You will see the biggest speed up for objects that frequently have small exposed rectangles. Without setClipRect(), you would needlessly repaint the entire object, rather than just the affected region.

For more info on clipping, see the QPainter documentation on clipping.

Trick #2: Mind your bounding boxes

This is a simpler one. When you place a custom QGraphicsItem on a QGraphicsView, you have to provide a boundingRect() function. This tells the QGraphicsView how big your item is, and lets it figure out when to repaint your item (like when it comes on screen, or is temporarily obscured by another item). However, if you make a mistake and make your boundingRect() return a QRectF that is too big, you’re going to take a performance penalty. The reason is that QGraphicsView will repaint your item when it may not be necessary.

Also bare in mind that diagonal and curved lines have much larger bounding boxes than vertical and horizontal lines. For example, when you make an S-shaped line that passes near, but not directly over, other QGraphicsItems, it is possible that they will get repainted too often, simply because they collide with the line’s bounding rectangle. Remember that all bounding boxes in QGraphicsView are axis-aligned, and painting is based solely on these rectangles. It’s easy to confuse this with the QGraphicsItem::shape() function, which actually traces an outline of the item, but which is not used for painting (it’s used for mouse clicks, collisions and such).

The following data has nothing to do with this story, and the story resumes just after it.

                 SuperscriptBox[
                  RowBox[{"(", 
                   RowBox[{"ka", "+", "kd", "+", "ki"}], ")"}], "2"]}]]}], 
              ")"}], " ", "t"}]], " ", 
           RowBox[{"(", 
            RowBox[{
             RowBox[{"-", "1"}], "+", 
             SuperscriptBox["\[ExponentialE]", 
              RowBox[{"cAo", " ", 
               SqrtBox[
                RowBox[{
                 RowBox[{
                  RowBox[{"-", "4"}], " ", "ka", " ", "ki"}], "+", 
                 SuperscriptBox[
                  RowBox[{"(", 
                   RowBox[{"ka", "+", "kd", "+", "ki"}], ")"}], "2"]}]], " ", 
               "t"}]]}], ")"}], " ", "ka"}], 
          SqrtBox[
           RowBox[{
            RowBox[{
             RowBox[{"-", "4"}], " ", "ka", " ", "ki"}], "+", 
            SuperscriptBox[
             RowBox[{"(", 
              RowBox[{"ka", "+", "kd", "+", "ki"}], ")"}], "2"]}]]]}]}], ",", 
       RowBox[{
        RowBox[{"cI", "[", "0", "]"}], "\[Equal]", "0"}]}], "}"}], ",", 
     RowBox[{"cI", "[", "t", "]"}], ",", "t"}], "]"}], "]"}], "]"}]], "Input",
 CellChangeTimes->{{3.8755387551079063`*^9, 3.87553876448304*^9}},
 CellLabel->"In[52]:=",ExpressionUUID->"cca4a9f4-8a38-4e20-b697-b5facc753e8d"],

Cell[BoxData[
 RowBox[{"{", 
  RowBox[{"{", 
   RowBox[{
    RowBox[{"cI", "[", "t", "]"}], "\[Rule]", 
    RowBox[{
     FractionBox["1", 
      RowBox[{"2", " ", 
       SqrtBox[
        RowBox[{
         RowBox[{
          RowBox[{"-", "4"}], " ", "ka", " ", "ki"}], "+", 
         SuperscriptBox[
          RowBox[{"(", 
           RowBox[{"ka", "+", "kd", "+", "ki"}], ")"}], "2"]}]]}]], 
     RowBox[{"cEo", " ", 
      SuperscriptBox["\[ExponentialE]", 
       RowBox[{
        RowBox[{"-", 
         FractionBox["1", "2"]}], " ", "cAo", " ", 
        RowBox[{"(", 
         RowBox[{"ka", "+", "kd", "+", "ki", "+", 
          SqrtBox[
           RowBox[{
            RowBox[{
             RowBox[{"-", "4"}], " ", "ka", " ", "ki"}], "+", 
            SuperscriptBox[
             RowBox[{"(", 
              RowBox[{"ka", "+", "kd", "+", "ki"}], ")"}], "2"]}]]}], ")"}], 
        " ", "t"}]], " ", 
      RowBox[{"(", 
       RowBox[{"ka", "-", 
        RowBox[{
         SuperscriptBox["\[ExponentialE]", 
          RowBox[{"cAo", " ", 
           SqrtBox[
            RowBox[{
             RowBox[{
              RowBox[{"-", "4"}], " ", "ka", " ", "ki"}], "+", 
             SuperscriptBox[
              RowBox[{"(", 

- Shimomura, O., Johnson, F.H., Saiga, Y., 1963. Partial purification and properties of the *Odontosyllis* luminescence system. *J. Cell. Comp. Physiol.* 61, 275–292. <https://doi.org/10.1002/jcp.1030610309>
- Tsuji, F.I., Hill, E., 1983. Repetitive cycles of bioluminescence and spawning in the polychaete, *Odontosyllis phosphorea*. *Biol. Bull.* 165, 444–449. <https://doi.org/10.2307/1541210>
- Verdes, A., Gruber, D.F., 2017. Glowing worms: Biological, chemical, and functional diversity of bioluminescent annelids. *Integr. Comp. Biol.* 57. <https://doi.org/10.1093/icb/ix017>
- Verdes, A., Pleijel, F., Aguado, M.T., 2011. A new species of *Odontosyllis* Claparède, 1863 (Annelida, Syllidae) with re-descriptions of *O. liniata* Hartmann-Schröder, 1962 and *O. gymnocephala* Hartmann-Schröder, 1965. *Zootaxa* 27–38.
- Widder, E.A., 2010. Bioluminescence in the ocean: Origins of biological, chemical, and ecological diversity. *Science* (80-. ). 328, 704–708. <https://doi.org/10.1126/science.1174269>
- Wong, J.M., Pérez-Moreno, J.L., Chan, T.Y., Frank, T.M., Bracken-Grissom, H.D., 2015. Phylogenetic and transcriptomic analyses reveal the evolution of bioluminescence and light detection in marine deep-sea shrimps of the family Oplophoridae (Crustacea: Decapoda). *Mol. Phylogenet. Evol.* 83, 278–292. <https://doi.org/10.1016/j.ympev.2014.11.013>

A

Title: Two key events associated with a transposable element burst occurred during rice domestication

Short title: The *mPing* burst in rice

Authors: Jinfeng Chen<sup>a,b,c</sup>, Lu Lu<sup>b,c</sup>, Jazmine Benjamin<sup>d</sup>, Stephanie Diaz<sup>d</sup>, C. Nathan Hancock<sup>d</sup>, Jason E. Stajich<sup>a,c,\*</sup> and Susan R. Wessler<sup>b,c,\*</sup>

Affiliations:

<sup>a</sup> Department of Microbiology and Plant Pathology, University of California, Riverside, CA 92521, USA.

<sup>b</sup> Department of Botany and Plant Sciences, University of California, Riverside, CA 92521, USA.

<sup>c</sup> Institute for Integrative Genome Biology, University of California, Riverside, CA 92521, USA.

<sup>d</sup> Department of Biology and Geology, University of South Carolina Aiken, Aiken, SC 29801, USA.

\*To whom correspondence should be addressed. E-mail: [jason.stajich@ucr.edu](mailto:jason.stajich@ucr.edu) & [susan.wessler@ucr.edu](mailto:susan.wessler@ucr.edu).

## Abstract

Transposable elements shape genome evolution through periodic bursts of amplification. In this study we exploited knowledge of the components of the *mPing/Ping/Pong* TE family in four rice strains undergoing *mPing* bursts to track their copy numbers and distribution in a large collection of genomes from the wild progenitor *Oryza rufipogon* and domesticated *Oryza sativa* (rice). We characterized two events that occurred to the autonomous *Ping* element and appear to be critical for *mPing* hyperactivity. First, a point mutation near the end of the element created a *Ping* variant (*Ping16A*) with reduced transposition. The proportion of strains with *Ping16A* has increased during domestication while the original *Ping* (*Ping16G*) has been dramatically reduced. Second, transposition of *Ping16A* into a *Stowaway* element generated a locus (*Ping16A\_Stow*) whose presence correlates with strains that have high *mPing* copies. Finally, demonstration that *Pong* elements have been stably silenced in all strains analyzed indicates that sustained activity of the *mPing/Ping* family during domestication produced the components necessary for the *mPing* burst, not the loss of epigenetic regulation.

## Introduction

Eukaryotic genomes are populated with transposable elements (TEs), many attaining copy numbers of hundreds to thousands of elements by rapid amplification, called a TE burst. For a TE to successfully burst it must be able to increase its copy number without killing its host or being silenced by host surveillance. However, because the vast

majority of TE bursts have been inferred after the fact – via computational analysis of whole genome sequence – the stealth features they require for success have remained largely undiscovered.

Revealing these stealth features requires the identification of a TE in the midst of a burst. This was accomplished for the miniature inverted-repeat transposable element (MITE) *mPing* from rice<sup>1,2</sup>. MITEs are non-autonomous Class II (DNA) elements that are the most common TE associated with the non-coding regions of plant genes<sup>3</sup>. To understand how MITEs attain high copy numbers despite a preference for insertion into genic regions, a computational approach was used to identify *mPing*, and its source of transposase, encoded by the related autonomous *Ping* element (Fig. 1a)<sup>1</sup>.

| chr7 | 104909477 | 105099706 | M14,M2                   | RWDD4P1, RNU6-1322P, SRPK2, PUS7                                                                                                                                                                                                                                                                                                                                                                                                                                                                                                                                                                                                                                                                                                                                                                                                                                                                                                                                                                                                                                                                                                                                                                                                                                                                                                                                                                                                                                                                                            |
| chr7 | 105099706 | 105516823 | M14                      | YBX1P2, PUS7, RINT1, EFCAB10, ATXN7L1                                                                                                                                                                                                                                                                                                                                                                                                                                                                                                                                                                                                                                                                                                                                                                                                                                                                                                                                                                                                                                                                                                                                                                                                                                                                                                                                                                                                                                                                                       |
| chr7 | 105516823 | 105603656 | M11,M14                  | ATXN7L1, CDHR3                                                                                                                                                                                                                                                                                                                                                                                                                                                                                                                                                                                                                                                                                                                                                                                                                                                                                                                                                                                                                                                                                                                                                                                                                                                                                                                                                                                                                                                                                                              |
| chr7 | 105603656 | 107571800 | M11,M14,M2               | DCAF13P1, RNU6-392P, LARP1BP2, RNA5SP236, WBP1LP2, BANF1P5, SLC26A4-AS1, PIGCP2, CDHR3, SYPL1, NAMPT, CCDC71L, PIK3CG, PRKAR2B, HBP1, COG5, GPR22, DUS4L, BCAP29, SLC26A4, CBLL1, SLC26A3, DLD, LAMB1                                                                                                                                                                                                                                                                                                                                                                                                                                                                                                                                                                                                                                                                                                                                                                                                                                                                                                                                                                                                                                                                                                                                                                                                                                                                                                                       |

Trick #3: Don’t overuse anti-aliasing

Anti-aliased lines look good, but horizontal and vertical lines don’t normally need to be anti-aliased. In fact, they usually look worse that way. The same is true for text. Apply anti-aliasing judiciously, because performance wise, it costs a lot more to render lines and text anti-aliased.

Conclusion: Coder beware

QGraphicsView is a great new framework for 2-D graphics in Qt with a really robust API. Its performance can make your app unusable if you aren’t careful. Applying these 3 tricks ought to help you squeeze a bit more action out of your code, and make your users happier.

By the way, Qt 4.3 promises a faster painting engine, which should help, but these tricks will still be applicable.

Happy coding.

10 comments to “Qt: Improving QGraphicsView Performance”

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  1. Hi Dave,

    Thanks for your Tricks, they can help a lot,
    I would like to speek about avoiding painting :
    -Avoiding unecessary paintings is a great idea, the purpose is, i imagine, to save time in order to make drawing as ligth as possible.
    But it can become an illusion, like it is in Qt4, for certain cases, items with simple shapes, a lot of times is spent to avoid spending few milliseconds:

    in Qt4, there are two ways of redrawing :

    Using BSP tree, in wich case each modification to the draw should update the BSP tree, making the intersection computing between the items and the region to update unecessary.
    The classical way, in wich you need to compute this intersection.

    In the second case, Qt is very inefficient, as it compute the intersection between each item and each rect of the region to update
    imagine; in a qregion you can find 500 rects, so with 500 items, it makes
    250000 intersections to compute, do you really think it is faster then redrawing 500 items?